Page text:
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Proceedings Paper

End-to-side anastomosis without occlusion of the recipient artery utilizing the excimer laser
Author(s): Cees A. F. Tulleken; Rudolf M. Verdaasdonck
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Paper Abstract

A new technique has been developed which enables the creation of an end-to-side anastomosis between arteries with zero or an extremely short occlusion time (2 min) of the recipient artery for ischemic sensitive areas. The feasibility of the technique was studied in a rabbit model. The right common carotid artery was connected with the exterior of the left common carotid artery. Through an artificial sidebranch, which was connected with the donor artery proximally from the anastomosis, a laser catheter was introduced in contact with the recipient arterial wall. The laser was activated to create a hole in this wall and the artificial sidebranch was subsequently occluded. Meanwhile no occlusion of the donor artery was necessary. In a series of 100 rabbits using a coated hemispherical contact probe (1.8 or 2.2 mm diameter) coupled to a Nd:YAG laser (one 0.5 s, 18 W pulse) a 95% patency rate was obtained. In a recent series of 20 rabbits an Excimer-laser (Technolas, XeCl 308 nm, 120 ns, 20 Hz, 25 mJ/pulse) was used. The hole was created with a custom designed multifibercatheter of 2.2 mm diameter consisting 140 laserfibers in a flat circular configuration. A patency rate of 100% was obtained. Scanning electron microscopy of the anastomosis site through eight weeks showed a perfect endothelialization. The advantage of the Excimer based multifiber catheter compared with the Nd:YAG-based contact probe, is the absence of thermal effects at the site of the anastomosis. A pilot study is in progress in a series of patients, where an extra- intracranial bypass is indicated.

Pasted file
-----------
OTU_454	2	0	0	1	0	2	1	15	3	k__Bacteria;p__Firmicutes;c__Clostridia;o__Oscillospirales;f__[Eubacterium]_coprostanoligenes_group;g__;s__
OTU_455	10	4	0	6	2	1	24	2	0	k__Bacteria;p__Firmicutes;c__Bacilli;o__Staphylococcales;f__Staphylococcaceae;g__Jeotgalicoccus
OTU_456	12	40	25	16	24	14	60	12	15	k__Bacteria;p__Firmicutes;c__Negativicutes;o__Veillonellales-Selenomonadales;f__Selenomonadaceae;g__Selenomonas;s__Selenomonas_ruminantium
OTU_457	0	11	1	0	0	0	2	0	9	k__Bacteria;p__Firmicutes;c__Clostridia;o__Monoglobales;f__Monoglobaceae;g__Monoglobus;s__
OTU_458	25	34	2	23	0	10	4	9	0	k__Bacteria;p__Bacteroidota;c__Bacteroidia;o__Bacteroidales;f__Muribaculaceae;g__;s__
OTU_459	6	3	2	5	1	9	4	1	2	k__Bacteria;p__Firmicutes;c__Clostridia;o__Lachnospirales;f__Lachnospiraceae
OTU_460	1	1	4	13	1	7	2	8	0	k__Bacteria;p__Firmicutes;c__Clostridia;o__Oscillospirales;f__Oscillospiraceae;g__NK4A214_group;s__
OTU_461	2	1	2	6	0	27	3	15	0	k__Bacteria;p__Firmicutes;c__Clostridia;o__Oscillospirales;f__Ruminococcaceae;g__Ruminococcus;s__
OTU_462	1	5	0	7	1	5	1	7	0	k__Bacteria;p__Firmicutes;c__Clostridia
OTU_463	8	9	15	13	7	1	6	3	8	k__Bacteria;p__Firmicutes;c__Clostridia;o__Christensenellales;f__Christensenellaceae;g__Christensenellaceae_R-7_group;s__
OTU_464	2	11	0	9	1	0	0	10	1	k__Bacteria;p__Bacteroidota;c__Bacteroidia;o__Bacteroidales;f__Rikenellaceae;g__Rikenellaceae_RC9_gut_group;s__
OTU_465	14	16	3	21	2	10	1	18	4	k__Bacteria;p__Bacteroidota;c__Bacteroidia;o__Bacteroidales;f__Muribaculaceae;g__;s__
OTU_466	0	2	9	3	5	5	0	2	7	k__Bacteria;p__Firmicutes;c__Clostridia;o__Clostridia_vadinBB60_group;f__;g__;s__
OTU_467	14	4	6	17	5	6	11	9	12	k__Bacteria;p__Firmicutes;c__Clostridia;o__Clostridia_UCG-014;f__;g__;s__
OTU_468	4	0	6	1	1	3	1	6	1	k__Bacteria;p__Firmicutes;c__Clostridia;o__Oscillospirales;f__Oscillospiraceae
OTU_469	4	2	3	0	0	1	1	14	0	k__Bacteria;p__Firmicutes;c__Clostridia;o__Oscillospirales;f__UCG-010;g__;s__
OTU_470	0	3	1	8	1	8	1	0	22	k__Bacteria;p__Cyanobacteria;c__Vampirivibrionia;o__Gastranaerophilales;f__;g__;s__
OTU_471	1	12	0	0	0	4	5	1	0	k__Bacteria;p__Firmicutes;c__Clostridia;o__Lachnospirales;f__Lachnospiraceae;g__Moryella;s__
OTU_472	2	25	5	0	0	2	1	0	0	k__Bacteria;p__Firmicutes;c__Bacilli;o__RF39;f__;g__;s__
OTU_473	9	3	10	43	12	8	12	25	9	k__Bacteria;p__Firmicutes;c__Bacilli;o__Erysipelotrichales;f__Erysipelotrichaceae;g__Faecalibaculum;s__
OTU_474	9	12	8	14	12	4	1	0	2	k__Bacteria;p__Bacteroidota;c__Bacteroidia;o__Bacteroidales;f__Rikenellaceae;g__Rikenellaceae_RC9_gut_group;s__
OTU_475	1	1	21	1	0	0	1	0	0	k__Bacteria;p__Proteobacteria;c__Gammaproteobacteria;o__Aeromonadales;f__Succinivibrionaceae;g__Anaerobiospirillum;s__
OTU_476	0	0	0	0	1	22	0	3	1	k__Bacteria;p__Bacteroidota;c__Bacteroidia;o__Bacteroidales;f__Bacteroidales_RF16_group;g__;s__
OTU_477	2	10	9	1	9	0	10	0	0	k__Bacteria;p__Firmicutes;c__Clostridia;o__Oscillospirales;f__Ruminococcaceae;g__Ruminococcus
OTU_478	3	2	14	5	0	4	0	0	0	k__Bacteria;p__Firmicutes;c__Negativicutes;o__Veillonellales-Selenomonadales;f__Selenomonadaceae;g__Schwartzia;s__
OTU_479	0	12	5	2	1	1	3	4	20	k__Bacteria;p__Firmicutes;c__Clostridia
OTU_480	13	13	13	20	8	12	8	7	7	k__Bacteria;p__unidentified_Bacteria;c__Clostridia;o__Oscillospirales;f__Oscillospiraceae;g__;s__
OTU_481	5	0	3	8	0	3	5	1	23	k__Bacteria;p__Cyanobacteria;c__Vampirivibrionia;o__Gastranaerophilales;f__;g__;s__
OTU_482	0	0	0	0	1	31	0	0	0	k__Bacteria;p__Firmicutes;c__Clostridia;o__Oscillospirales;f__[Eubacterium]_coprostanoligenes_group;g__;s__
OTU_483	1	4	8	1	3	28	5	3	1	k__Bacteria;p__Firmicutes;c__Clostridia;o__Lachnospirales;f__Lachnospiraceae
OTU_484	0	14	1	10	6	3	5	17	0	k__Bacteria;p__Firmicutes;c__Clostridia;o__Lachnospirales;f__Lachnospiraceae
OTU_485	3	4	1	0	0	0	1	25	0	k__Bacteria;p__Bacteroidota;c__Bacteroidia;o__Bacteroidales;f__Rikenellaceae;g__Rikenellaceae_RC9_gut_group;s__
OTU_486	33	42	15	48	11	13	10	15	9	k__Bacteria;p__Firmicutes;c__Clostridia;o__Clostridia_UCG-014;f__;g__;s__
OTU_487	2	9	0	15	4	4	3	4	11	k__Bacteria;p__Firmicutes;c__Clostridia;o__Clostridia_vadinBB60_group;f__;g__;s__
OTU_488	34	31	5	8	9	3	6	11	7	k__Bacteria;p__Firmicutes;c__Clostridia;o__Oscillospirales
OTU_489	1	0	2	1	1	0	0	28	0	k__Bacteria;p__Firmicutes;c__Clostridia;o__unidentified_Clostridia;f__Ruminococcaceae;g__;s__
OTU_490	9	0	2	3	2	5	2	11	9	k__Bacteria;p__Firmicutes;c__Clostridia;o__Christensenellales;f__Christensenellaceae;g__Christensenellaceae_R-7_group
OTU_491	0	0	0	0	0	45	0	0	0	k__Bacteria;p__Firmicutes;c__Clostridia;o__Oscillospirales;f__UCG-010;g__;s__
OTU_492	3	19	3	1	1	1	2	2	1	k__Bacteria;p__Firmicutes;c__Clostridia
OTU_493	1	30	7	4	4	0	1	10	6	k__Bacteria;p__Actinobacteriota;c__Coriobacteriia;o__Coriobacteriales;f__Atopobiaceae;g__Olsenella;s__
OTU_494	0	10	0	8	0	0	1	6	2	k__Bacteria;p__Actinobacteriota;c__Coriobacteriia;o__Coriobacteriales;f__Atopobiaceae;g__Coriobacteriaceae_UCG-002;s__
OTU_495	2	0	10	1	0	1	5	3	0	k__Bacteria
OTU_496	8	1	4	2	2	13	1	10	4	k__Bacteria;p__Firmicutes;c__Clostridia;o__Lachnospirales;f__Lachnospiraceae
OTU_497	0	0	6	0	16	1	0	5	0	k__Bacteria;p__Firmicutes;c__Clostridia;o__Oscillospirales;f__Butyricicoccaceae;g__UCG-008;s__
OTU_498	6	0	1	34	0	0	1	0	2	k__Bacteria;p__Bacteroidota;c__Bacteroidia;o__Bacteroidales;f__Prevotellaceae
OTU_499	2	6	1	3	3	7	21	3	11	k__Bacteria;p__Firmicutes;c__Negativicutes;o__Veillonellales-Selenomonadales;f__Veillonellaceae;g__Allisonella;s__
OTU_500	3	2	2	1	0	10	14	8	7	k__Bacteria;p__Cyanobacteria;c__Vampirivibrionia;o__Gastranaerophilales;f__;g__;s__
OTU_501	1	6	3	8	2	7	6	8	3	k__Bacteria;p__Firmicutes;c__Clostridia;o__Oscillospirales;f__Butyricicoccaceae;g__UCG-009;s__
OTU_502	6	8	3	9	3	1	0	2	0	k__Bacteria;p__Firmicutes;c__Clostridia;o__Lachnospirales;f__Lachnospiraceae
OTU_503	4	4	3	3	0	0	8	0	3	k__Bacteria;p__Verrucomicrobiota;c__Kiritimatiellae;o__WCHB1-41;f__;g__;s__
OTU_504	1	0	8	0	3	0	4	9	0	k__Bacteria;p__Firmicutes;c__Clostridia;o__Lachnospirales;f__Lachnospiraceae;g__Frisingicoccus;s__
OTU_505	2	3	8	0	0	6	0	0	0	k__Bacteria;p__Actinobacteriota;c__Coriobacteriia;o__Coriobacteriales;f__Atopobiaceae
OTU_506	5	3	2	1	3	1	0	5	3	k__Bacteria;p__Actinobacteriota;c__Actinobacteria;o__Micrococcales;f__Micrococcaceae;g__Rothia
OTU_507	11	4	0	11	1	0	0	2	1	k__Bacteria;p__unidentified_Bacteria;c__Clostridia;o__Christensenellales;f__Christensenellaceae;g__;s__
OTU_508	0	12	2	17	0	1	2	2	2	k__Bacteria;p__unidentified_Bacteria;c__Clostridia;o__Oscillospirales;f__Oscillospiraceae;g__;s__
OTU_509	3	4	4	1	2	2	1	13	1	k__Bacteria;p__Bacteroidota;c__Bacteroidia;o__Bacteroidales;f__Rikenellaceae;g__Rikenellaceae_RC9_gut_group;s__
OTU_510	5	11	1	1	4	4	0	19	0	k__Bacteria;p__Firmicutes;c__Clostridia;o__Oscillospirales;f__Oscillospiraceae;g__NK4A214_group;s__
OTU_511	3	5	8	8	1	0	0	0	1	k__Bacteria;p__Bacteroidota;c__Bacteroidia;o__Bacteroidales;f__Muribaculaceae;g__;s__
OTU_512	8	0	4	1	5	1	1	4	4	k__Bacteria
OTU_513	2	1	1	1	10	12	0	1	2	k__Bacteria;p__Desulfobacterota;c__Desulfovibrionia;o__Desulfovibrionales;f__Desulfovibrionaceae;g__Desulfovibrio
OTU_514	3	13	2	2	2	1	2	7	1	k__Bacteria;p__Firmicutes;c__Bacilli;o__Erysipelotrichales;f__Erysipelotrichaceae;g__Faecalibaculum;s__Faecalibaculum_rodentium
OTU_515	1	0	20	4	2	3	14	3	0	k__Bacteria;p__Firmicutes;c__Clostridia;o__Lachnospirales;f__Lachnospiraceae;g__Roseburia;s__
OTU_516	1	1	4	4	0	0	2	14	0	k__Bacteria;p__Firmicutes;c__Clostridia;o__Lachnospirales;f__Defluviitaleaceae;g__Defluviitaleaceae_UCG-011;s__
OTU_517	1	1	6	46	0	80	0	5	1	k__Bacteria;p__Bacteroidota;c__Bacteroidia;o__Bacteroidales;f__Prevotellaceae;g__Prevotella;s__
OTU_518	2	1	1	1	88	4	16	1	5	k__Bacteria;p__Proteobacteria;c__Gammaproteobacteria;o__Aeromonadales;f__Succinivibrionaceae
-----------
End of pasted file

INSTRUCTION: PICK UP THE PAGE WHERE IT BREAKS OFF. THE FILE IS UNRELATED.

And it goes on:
Paper Details

Date Published: 1 June 1992
PDF: 8 pages
Proc. SPIE 1643, Laser Surgery: Advanced Characterization, Therapeutics, and Systems III, (1 June 1992); doi: 10.1117/12.137343
Show Author Affiliations
Cees A. F. Tulleken, Univ. Hospital Utrecht (Netherlands)
Rudolf M. Verdaasdonck, Univ. Hospital Utrecht (Netherlands)

Published in SPIE Proceedings Vol. 1643:
Laser Surgery: Advanced Characterization, Therapeutics, and Systems III
R. Rox Anderson, Editor(s)

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